The sun slowly lights up PHL energy sources



CALATAGAN, BATANGAS–The opening of Luzon’s biggest solar farm here recently ushers in the gradual rise of solar energy as a fuel source for tropical Philippines.


Last March 16, outgoing President Benigno Simeon Aquino III officially inaugurated a 63.3 megawatt solar farm in Calatagan’s

The solar farm in Calatagan, Batangas that Solar Philippines put upo is the country's largest to date (photo from Solar Philippines' Facebook page)

The solar farm in Calatagan, Batangas that Solar Philippines put upo is the country’s largest to date (photo from Solar Philippines’ Facebook page)

Barangay Paraiso, spanning 160 ha. and capable of generating enough power supply for the western part of Batangas province.

“Through projects like these, we are proving to the world that even developing countries such as ours can do their share in combating climate change,” the President said.

The inauguration in Calatagan was done just a day after former US Vice President Al Gore visited the country and called on Filipinos to end their dependence on coal. The vice president also predicted the Philippines, due to its “abundant sunlight,” can become one of the world’s “first 100% solar-powered economies.”


Heating up

But the month of March proved eventful given developments surrounding solar energy.

On March 3, Gregorio Araneta Inc. (GAI) and Soleq Holdings opened a P10 billion, 132.5 MW solar farm in Brgy. Tinampaan, Cadiz City, Negros Occidental. This is said to be Southeast Asia’s biggest solar plants and, says reports from international energy thinktanks, one of the world’s ten biggest solar farms.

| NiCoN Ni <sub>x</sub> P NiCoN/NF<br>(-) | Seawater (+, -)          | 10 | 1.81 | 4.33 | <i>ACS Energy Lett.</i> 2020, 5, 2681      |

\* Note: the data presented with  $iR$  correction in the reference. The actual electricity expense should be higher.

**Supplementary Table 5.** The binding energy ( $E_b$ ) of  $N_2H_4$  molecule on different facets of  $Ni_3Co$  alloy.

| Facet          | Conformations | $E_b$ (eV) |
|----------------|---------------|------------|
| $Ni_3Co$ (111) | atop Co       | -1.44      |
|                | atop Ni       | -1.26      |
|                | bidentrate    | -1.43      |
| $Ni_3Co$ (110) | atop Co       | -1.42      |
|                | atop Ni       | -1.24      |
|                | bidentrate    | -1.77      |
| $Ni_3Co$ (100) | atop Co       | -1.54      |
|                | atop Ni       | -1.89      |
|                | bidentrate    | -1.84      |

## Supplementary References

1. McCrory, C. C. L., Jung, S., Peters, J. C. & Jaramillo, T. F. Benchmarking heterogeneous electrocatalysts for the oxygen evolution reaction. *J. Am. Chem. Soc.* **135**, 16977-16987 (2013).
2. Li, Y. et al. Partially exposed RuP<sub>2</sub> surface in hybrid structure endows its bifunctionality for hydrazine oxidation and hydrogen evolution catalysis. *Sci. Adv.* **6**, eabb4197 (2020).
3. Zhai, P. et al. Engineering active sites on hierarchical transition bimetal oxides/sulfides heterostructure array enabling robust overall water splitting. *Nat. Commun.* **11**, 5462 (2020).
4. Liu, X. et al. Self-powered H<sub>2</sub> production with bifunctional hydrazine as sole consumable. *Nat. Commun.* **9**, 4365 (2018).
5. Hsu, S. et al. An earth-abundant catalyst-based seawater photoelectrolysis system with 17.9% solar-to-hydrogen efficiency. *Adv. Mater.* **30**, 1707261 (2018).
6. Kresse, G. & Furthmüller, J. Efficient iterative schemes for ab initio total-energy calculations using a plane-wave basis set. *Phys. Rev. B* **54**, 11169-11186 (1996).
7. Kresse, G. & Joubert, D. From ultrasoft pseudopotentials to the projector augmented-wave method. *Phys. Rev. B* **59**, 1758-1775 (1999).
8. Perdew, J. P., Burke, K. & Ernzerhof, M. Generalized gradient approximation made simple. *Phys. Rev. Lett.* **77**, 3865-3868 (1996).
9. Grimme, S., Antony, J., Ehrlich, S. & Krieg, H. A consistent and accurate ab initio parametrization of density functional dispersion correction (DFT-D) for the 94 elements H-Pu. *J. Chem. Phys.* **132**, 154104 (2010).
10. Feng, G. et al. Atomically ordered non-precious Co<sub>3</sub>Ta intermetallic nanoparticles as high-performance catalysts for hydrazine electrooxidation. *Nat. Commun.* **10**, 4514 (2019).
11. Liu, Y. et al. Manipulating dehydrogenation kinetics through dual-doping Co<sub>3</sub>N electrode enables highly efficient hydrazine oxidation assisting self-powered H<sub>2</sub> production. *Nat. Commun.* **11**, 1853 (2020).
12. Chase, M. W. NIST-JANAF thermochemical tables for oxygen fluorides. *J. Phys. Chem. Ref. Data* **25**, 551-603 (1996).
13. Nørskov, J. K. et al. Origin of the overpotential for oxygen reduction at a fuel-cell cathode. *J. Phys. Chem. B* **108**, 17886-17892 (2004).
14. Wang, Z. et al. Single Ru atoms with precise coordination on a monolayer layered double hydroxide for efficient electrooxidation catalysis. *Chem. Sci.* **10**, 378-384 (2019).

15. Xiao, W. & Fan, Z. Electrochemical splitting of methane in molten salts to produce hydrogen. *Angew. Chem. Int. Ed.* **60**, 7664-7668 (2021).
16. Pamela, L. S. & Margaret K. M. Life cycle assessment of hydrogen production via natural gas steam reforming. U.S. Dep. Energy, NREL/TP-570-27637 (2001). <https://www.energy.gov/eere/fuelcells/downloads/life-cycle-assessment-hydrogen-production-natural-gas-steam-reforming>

Last March 2, Citicore Power opened a P1.6 billion solar plant that is expected to generate some 18 MB for the Luzon grid.

On March 10, the Sulu Electric Power and Light Philippines, Inc. and its partners opened its 50 MW solar power plant at a 70 ha. property in Palo, Leyte (one of the towns hit badly by super typhoon Yolanda in November 2013).

The Philippine Star reported last March 10 Bronzeoak Philippines, Inc. had completed four solar-powered plans that can all generate a combined 98 MW. All these plants had just been registered under the Wholesale Electricity Spot Market (WESM), and are awaiting the approval of the National Grid Corp of the Philippines (NGCP).

And why are these Philippine solar plants mushrooming?

Last March 15, a day before the Calatagan solar farm was inaugurated, the DOE gave renewable energy firms that day as the deadline to submit bids for their projects to receive an incentive from the government, called the FiT (feed-in-tariff).

FiT is an incentive given to power firms to construct more expensive renewable energy plants and facilities. If approved, these firms will get a FiT rate of P8.69 per kilowatt-hour.

While the March deadline had lapsed, there’s no stopping the Philippine solar energy craze. Originally set for completion this March 2016, Ecoglobal, Inc. is set to make the Zamboanga Economic Zone in Zamboanga City the site of a 100 MW solar plant.

Last March 28, Basic Energy Corp. announced it is teaming up with NV Vogt Singapore Pte. Ltd. to develop solar power projects in San Fabian and Bolinao towns in Pangasinan.